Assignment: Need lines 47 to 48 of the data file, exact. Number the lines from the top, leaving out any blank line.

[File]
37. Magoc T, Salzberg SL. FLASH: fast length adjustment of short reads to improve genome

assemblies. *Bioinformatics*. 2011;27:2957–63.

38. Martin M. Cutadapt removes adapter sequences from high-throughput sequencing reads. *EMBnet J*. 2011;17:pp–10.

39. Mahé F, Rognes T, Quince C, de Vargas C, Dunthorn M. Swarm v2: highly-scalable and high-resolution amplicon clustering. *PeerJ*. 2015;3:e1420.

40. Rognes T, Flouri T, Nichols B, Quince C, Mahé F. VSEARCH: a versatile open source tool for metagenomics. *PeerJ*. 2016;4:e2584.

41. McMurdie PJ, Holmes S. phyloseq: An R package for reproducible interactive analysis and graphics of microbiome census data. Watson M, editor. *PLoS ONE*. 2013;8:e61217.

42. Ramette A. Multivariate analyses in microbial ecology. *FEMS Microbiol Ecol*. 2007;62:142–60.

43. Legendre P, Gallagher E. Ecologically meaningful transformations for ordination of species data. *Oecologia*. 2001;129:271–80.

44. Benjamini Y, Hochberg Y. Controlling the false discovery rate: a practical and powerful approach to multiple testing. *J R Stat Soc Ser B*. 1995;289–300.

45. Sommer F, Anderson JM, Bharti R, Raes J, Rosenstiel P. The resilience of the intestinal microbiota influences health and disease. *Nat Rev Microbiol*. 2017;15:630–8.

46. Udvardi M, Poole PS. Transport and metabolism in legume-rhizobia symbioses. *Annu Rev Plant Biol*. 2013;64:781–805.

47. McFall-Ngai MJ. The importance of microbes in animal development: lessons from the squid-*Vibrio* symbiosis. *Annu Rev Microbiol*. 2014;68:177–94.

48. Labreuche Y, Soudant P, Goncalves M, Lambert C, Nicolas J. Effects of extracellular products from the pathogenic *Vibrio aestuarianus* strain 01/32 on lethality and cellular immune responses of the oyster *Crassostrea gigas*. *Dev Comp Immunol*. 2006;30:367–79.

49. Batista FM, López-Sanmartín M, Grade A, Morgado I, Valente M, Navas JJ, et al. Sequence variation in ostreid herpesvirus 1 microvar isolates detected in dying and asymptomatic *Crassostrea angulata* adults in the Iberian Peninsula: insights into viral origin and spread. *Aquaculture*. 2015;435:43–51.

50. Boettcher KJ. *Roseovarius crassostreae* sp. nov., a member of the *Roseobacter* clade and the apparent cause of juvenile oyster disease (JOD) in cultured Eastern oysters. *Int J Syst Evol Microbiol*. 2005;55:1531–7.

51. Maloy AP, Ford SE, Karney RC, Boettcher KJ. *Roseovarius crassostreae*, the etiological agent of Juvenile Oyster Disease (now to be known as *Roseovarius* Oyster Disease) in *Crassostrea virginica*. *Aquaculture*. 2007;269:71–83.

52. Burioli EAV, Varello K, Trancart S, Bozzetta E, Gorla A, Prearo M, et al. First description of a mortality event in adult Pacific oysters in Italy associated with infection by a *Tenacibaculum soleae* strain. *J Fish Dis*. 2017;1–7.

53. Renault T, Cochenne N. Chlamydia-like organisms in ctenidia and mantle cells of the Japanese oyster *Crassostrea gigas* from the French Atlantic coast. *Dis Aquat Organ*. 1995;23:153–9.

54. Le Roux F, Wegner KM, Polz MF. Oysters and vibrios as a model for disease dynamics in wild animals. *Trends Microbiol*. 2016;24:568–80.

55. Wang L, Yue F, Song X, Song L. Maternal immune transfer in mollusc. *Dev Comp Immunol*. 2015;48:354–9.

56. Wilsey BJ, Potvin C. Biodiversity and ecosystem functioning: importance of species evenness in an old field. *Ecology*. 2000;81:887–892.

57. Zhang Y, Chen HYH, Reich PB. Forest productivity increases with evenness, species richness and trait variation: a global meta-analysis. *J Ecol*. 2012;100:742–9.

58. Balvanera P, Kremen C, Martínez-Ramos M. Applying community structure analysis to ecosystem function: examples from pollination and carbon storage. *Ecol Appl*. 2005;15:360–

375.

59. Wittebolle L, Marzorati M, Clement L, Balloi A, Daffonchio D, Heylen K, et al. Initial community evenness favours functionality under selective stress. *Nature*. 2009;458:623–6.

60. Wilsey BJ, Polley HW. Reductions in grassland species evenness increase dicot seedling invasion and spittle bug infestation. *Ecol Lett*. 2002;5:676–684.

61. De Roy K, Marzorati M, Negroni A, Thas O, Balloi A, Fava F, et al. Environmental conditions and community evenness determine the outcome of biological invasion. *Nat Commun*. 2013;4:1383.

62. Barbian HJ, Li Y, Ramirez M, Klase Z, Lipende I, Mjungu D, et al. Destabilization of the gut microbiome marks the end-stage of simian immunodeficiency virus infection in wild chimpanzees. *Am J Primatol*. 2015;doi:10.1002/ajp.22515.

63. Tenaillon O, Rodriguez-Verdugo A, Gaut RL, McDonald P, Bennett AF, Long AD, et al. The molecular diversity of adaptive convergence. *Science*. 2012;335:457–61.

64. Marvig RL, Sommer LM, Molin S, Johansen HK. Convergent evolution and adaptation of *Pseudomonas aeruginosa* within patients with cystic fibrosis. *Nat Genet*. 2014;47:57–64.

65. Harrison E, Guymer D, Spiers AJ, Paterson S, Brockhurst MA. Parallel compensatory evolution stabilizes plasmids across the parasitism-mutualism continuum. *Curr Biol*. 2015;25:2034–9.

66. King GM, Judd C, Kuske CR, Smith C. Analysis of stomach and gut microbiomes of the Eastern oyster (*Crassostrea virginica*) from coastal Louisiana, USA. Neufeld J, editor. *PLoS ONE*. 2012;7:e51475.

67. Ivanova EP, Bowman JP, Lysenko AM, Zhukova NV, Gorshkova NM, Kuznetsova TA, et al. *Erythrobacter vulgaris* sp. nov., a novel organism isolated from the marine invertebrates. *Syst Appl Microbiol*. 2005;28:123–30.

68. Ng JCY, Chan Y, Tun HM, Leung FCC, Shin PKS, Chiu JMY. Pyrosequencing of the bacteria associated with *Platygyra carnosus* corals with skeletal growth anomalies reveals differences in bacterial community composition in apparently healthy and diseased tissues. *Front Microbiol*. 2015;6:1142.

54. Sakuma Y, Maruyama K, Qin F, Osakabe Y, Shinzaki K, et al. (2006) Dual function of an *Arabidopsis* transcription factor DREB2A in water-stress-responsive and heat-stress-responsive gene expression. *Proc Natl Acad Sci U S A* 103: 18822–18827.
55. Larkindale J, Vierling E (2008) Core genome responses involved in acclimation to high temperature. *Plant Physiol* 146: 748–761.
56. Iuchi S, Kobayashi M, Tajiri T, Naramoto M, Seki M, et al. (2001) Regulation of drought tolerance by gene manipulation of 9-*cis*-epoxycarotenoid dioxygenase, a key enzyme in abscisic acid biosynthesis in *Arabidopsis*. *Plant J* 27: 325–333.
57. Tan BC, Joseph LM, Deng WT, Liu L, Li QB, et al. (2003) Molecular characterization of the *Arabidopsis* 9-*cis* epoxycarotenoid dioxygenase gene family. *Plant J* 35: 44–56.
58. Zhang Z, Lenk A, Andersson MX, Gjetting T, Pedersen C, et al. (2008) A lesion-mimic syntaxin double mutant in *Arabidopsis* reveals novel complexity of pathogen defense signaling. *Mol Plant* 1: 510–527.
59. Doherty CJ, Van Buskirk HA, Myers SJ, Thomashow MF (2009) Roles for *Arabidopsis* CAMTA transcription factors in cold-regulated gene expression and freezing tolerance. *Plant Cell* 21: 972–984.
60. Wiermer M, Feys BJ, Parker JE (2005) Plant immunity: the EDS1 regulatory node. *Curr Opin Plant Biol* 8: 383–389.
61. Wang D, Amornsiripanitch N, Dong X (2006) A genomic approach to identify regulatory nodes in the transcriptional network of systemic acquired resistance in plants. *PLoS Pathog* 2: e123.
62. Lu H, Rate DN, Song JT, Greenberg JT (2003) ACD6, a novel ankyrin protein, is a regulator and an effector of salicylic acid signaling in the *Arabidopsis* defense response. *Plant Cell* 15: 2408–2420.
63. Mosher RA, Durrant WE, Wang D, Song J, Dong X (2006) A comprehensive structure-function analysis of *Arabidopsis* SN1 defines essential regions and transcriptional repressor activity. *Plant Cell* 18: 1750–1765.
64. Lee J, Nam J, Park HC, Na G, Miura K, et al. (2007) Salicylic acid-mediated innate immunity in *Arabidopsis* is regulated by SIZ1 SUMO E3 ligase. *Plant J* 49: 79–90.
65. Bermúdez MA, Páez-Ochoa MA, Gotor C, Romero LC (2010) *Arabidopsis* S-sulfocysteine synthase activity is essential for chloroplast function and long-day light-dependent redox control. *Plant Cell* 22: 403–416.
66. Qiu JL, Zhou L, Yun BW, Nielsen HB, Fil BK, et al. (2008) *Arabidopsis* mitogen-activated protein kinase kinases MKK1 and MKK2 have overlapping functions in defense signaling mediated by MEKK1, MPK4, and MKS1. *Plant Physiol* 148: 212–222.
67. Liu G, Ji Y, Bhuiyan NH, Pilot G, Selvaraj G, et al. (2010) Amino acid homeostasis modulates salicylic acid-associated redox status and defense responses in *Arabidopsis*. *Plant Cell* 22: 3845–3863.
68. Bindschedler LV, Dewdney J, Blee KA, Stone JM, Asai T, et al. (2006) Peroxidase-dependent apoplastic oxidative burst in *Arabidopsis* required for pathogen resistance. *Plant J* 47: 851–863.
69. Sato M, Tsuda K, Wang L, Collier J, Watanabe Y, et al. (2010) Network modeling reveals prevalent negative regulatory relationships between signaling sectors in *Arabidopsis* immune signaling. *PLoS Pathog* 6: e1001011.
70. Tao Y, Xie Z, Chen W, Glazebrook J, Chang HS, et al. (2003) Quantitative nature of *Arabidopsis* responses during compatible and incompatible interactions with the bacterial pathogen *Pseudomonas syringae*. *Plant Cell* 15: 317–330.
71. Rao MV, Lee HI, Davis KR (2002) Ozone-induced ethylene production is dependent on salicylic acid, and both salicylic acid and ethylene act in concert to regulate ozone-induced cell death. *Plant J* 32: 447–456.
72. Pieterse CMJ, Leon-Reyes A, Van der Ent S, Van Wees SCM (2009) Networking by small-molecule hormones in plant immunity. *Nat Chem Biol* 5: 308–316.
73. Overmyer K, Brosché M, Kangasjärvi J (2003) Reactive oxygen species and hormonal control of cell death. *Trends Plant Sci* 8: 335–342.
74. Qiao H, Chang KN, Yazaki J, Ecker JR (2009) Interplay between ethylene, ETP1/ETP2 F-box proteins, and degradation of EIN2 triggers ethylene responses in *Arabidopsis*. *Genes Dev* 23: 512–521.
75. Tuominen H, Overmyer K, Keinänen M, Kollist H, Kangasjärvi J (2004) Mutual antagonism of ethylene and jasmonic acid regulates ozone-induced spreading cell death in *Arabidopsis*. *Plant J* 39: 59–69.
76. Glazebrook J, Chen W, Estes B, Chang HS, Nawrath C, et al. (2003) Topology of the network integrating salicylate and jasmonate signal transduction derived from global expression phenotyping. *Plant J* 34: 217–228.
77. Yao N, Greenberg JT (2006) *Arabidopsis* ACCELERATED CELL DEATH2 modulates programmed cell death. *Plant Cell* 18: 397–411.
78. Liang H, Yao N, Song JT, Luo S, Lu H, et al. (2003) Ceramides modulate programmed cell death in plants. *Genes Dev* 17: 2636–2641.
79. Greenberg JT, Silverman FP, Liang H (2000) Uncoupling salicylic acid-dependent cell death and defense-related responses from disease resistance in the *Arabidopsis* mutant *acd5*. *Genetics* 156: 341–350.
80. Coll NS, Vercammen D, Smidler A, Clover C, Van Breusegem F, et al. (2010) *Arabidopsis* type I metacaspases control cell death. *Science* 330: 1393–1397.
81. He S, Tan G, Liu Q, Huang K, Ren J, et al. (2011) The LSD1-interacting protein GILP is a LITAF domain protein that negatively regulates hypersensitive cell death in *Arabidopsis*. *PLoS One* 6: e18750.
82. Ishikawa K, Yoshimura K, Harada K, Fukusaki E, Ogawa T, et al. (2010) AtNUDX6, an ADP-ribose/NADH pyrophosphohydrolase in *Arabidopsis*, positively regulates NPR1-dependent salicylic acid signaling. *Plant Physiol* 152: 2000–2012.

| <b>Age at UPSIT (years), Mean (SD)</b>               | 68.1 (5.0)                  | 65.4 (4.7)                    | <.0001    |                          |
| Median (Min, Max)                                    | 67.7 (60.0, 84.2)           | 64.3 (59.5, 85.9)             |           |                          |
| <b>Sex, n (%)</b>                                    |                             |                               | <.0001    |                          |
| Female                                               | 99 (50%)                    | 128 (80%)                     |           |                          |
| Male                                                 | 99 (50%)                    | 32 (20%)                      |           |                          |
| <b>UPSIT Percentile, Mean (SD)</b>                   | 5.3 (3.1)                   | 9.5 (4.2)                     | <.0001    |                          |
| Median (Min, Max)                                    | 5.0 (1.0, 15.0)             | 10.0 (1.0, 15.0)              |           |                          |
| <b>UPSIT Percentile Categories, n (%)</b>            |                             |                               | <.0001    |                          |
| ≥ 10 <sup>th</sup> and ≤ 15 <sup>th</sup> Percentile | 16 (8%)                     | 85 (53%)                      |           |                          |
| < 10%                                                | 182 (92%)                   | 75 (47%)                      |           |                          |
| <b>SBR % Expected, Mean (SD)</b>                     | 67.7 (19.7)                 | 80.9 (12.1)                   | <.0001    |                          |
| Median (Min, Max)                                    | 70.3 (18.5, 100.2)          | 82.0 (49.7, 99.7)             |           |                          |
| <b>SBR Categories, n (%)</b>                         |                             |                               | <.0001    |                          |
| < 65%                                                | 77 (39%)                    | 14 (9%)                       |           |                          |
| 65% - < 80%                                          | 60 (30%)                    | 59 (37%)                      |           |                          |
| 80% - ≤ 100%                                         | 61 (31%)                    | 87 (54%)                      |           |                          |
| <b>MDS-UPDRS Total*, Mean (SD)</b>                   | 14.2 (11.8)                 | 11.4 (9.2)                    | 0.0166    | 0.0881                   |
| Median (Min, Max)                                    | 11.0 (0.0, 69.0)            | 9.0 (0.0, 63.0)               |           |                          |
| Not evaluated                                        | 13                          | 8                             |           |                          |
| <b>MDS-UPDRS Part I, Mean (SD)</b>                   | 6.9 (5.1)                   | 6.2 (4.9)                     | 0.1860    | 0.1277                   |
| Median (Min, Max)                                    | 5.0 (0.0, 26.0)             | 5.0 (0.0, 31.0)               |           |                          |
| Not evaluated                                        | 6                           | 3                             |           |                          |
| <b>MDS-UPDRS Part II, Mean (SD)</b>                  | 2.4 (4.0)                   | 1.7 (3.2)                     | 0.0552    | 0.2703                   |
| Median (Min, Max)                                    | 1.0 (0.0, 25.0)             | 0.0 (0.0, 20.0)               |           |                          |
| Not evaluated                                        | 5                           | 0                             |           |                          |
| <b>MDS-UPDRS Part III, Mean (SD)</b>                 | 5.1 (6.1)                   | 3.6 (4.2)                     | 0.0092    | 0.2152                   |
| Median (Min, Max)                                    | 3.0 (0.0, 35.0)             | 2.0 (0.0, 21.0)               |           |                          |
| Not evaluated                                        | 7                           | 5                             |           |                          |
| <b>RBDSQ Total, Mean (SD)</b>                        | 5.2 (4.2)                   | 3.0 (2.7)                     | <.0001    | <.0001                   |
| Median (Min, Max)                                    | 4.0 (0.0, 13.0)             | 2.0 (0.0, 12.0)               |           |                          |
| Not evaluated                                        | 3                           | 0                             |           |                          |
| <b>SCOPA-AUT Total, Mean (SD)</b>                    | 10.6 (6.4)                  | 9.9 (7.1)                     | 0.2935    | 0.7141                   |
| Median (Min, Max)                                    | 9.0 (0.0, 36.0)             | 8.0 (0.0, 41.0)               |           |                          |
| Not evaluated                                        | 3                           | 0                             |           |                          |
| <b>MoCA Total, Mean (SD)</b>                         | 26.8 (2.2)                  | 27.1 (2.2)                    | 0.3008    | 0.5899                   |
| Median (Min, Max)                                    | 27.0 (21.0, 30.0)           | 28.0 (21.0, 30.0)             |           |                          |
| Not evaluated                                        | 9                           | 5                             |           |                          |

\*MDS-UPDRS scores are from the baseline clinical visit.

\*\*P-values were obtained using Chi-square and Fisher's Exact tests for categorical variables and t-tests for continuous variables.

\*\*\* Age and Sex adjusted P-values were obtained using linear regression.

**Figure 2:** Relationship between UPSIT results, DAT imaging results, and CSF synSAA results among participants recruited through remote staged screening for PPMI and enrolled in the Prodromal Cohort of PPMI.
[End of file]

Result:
66. Qiu JL, Zhou L, Yun BW, Nielsen HB, Fil BK, et al. (2008) *Arabidopsis* mitogen-activated protein kinase kinases MKK1 and MKK2 have overlapping functions in defense signaling mediated by MEKK1, MPK4, and MKS1. *Plant Physiol* 148: 212–222.
67. Liu G, Ji Y, Bhuiyan NH, Pilot G, Selvaraj G, et al. (2010) Amino acid homeostasis modulates salicylic acid-associated redox status and defense responses in *Arabidopsis*. *Plant Cell* 22: 3845–3863.